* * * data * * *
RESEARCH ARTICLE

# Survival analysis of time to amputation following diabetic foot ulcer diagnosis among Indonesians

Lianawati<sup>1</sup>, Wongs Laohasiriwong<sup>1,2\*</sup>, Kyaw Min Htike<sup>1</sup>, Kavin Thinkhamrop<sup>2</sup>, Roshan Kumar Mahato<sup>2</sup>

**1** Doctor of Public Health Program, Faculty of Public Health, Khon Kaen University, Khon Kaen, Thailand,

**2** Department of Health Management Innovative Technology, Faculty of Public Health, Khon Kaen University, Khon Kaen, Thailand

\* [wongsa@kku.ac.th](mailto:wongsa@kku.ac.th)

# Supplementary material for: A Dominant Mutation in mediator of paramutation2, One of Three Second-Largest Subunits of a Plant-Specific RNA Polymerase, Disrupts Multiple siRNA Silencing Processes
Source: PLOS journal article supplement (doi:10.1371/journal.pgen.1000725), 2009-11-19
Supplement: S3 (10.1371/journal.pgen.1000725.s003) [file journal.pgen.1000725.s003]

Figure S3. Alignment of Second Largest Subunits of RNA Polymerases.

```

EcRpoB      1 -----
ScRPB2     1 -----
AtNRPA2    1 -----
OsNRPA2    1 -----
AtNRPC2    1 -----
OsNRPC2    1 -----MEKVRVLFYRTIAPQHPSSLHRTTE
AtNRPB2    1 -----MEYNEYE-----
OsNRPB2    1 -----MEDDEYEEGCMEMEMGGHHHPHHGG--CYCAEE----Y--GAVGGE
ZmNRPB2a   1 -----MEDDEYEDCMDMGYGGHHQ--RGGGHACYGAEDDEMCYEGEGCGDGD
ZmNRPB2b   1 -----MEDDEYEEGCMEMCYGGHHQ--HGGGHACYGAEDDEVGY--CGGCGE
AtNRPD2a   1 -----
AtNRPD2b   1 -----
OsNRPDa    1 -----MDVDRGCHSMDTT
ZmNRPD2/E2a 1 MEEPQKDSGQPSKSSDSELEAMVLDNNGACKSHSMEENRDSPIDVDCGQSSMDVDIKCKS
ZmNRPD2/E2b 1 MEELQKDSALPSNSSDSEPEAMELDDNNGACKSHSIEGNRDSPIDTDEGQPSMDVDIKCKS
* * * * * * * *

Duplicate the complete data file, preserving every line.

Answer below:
RESEARCH ARTICLE

# Survival analysis of time to amputation following diabetic foot ulcer diagnosis among Indonesians

Lianawati<sup>1</sup>, Wongs Laohasiriwong<sup>1,2\*</sup>, Kyaw Min Htike<sup>1</sup>, Kavin Thinkhamrop<sup>2</sup>, Roshan Kumar Mahato<sup>2</sup>

**1** Doctor of Public Health Program, Faculty of Public Health, Khon Kaen University, Khon Kaen, Thailand,

**2** Department of Health Management Innovative Technology, Faculty of Public Health, Khon Kaen University, Khon Kaen, Thailand

\* [wongsa@kku.ac.th](mailto:wongsa@kku.ac.th)

# Supplementary material for: A Dominant Mutation in mediator of paramutation2, One of Three Second-Largest Subunits of a Plant-Specific RNA Polymerase, Disrupts Multiple siRNA Silencing Processes
Source: PLOS journal article supplement (doi:10.1371/journal.pgen.1000725), 2009-11-19
Supplement: S3 (10.1371/journal.pgen.1000725.s003) [file journal.pgen.1000725.s003]

Figure S3. Alignment of Second Largest Subunits of RNA Polymerases.

```

EcRpoB      1 -----
ScRPB2     1 -----
AtNRPA2    1 -----
OsNRPA2    1 -----
AtNRPC2    1 -----
OsNRPC2    1 -----MEKVRVLFYRTIAPQHPSSLHRTTE
AtNRPB2    1 -----MEYNEYE-----
OsNRPB2    1 -----MEDDEYEEGCMEMEMGGHHHPHHGG--CYCAEE----Y--GAVGGE
ZmNRPB2a   1 -----MEDDEYEDCMDMGYGGHHQ--RGGGHACYGAEDDEMCYEGEGCGDGD
ZmNRPB2b   1 -----MEDDEYEEGCMEMCYGGHHQ--HGGGHACYGAEDDEVGY--CGGCGE
AtNRPD2a   1 -----
AtNRPD2b   1 -----
OsNRPDa    1 -----MDVDRGCHSMDTT
ZmNRPD2/E2a 1 MEEPQKDSGQPSKSSDSELEAMVLDNNGACKSHSMEENRDSPIDVDCGQSSMDVDIKCKS
ZmNRPD2/E2b 1 MEELQKDSALPSNSSDSEPEAMELDDNNGACKSHSIEGNRDSPIDTDEGQPSMDVDIKCKS